Ryan Schenk challenged me to a duel of sorts.
MSPaint vs. Photoshop
How close could I get in replicating his sweet ping pong paddle graphic.
First, Ryan Schenk’s:
A few things to notice:
1. the TIGHT gradient of the paddle itself – this is extremely difficult to duplicate. If you have firefox and can zoom in on the image, the gradient doesn’t appear until about 6x. Prior to starting the paddle, I expected this to be the greatest challenge.
2. soft edges. This isn’t too bad in MSPaint. If you have a color you can “softify” the edges by pulling up the gradient wheel and finding and dividing the color shade column into quarters. By doing rings of lighter colors the edges become softer.
3. The Shadow. Prior to starting, I didn’t think this would be an issue. As it happens, finding the ideal gray scale was far harder than I expected.
So how did I do?
Here’s my method:
First I created what I deemed an appropriate shape using the SPLINE tool. I got as close as I could. The perfect curve of Schenk’s paddle was hard to replicate.
Next, was the handle. I opened up my color wheel and created three or four custom Mike D gradients using the Gradient print screen trick.
You can see the distinct black outline of the spline curve as well as a mostly textured handle. Once the colors were available, the handle wasn’t a problem.
Here’s my first attempt at the gradient. Horrible! You can see I was using a black-red to white-red mix, and the gradient was FAR too dramatic. You’ll also noticed the shape changed slightly. I removed a handful of pixels off the left side as it made the paddle appear misshapen.
For this next attempt, I tried to just go from the white-red to red. It’s better… but still too much. Then I discovered something. If instead of copying the gradient out of the color wheel, I actually copied the red edge of the gradient field… I could get an EXTREMELY tight gradient.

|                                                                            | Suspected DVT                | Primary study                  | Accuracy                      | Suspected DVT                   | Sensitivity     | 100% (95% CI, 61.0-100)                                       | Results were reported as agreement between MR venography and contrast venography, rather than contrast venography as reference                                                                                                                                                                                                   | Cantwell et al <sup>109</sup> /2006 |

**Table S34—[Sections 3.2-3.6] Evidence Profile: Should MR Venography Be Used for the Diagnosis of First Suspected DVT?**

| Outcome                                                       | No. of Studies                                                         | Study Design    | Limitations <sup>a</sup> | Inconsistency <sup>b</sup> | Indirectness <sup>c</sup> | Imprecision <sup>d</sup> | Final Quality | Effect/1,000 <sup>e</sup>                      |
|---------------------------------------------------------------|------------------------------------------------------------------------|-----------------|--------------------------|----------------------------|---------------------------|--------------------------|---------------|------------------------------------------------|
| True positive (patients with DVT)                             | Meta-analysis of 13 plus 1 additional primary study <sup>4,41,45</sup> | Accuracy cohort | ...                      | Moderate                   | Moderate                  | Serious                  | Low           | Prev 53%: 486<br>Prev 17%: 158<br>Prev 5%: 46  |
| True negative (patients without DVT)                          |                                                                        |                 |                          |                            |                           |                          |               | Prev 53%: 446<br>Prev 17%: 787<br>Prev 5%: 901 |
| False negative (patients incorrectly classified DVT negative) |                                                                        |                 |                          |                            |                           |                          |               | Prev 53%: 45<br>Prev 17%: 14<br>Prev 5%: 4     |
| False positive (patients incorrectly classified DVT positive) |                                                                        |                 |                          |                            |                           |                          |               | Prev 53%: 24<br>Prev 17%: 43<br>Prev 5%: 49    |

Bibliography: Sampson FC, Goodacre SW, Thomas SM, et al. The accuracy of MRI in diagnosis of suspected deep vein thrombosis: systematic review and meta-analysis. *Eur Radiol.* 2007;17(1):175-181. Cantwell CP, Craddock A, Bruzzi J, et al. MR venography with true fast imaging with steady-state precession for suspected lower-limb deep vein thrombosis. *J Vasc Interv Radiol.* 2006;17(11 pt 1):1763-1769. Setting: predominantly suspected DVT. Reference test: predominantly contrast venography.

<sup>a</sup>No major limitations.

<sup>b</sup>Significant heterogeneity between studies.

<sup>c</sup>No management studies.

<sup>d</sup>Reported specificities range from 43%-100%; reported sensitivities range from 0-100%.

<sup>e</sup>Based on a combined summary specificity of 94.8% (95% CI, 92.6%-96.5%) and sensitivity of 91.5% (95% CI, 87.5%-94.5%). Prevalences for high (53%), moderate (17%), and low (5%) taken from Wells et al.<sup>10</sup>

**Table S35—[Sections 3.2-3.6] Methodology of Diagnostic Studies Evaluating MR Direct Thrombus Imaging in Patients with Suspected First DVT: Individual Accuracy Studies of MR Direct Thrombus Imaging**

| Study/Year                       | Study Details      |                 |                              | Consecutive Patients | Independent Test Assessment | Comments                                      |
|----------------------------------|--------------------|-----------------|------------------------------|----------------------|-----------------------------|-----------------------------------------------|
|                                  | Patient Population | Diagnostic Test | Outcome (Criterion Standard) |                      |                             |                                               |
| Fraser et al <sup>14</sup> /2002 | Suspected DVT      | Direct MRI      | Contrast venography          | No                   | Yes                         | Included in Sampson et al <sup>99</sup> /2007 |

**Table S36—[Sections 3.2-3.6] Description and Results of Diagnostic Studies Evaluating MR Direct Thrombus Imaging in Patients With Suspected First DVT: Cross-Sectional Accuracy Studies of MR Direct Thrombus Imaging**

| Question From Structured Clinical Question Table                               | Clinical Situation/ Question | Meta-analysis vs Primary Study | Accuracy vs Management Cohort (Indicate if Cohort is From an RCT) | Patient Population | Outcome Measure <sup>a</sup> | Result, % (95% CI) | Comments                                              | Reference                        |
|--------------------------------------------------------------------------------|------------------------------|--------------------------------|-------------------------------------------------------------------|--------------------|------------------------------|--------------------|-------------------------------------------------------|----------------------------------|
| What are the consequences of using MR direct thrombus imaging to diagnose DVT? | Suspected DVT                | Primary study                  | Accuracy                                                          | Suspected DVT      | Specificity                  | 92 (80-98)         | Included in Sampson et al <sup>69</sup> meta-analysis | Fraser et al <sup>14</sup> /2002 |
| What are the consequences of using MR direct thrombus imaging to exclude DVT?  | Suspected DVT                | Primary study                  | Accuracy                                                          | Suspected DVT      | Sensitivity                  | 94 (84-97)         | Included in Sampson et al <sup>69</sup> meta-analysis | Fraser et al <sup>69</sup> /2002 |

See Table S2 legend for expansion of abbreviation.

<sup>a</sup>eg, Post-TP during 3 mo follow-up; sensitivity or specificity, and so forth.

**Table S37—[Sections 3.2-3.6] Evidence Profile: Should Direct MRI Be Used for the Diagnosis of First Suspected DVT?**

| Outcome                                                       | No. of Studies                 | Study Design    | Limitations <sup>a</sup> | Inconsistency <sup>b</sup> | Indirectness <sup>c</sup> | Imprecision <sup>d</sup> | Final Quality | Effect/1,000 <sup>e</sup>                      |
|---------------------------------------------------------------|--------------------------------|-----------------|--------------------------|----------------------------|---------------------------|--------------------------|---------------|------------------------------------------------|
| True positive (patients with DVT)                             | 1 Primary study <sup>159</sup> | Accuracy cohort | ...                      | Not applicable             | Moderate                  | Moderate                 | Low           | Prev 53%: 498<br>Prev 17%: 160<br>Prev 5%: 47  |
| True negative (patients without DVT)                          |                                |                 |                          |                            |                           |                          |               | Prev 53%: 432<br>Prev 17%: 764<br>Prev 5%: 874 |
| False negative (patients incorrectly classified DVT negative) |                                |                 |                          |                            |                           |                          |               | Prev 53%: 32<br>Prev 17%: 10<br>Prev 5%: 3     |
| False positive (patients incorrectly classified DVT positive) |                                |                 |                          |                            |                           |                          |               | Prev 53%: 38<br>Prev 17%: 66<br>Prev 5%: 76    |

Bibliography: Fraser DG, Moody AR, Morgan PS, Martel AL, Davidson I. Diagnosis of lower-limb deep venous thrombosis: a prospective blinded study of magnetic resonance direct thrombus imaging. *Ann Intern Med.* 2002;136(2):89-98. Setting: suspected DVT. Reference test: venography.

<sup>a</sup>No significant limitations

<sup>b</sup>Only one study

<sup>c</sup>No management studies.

Just above the paddle in this picture is the gradient I used. The gradient was SO tight that I had to make little ‘turrets’ underneath in order to indicate where the color was changing.
After that, I just took the simple gray scale that’s on the left and started work on the shadow. Originally, I was expecting it to be three pixels thick. This DID NOT WORK. My end result was more like 7 pixels. It was also tough to make it look like a distinct shadow and not just a weird growth off the side of the paddle.
You’ll notice that in between this and the last picture the depth of the gray gradient changed. The dark end of the gray scale was WAY too dark. This helped my shadow work a lot.
Once the shadow was done, I softened the edges of the paddle and removed my gradients. I tried a couple different tricks of shrinking the image and enlarging it again. If done in MSPaint this will have the effect of auto-gradient. Amazingly, this method didn’t produce anything as good as what I had pre size changes.
At this point, I wanted to make a few final changes. I didn’t like the intersection where the paddle meets the handle and the shadow. so I made a few minor changes and finished her up.
So there you have it.
I’m very proud. I think Schenk’s is still sweeter, so Photoshop can take the win. But once again, MSPaint has provided surprisingly good results. With more practice, my MSPaint skills will continue to grow and the Photoshop-MSPaint gap will continue to narrow.